As rumoured, Microsoft has acquired Swedish developer Mojang and smash hit sandbox title Minecraft for US$2.5 billion.

As a result of the sale, Mojang co-founders Markus "Notch" Persson, Carl Manneh, and Jakob Porsér are all leaving the company

Mojang's Owen Hill shed some light on why Notch made the decision to sell and leave Mojang in a post on the company’s blog.

"He's decided that he doesn't want the responsibility of owning a company of such global significance," Hill said.

"Over the past few years he's made attempts to work on smaller projects, but the pressure of owning Minecraft became too much for him to handle. The only option was to sell Mojang."

The vast majority of Mojang employees are expected to remain with the company.

Xbox head Phil Spencer said he had great respect for the independent spirit of Minecraft, and emphasised that Microsoft would continue to support the game on competing platforms.

“At Microsoft, we believe in the power of content to unite people. Minecraft adds diversity to our game portfolio and helps us reach new gamers across multiple platforms,” he wrote.

“Gaming is the top activity across devices and we see great potential to continue to grow the Minecraft community and nurture the franchise.

“That is why we plan to continue to make Minecraft available across platforms – including iOS, Android, and PlayStation, in addition to Xbox and PC.

Spencer also confirmed that Minecraft expo MineCon will continue next year.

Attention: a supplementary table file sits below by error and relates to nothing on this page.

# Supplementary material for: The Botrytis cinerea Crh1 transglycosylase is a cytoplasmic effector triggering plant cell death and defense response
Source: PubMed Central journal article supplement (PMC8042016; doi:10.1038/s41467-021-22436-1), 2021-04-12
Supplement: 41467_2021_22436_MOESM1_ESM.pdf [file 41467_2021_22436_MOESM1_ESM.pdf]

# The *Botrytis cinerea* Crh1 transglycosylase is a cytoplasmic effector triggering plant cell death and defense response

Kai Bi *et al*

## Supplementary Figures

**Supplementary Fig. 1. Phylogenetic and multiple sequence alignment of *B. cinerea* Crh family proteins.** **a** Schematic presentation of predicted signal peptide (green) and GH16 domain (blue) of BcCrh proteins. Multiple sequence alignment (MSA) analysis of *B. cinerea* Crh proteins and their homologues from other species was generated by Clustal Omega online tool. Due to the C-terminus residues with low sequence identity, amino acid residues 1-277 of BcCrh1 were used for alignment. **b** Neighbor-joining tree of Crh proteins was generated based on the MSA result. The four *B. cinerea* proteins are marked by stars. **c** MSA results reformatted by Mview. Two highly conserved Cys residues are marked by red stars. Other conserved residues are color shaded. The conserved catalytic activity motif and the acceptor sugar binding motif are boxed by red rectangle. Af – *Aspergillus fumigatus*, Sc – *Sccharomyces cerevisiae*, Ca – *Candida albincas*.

Microsoft said in an investor relations release that it "expects the acquisition to be break-even in FY15 on a GAAP basis" – that is, the company expects to make more money from Minecraft by June 2015 than it would make if that US$2.5 billion sat in the bank for a year and generated US$25 million in interest.

The company has around US$85.7 billion in cash and short term investments on hand.

Industry analysts were mostly positive on the acquisition.

"At first glance, the acquisition makes strategic sense for Microsoft in terms of strengthening the games platform, but also extending the company more into the realms of cloud and mobile," Baird's Colin Sebastian told GamesIndustry.

"Clearly, Minecraft is not at the steepest point of its growth trajectory, but as an online service there is the potential for Minecraft to be successful for years to come."

Wedbush's Michael Pachter agreed.

"It gives them an entry into mid core, can differentiate their devices, and can generate revenue for 10 years," he said.

"I think you will see Master Chief and Gears characters in future versions of Minecraft. It gives them another strong franchise with a desirable installed base of young people."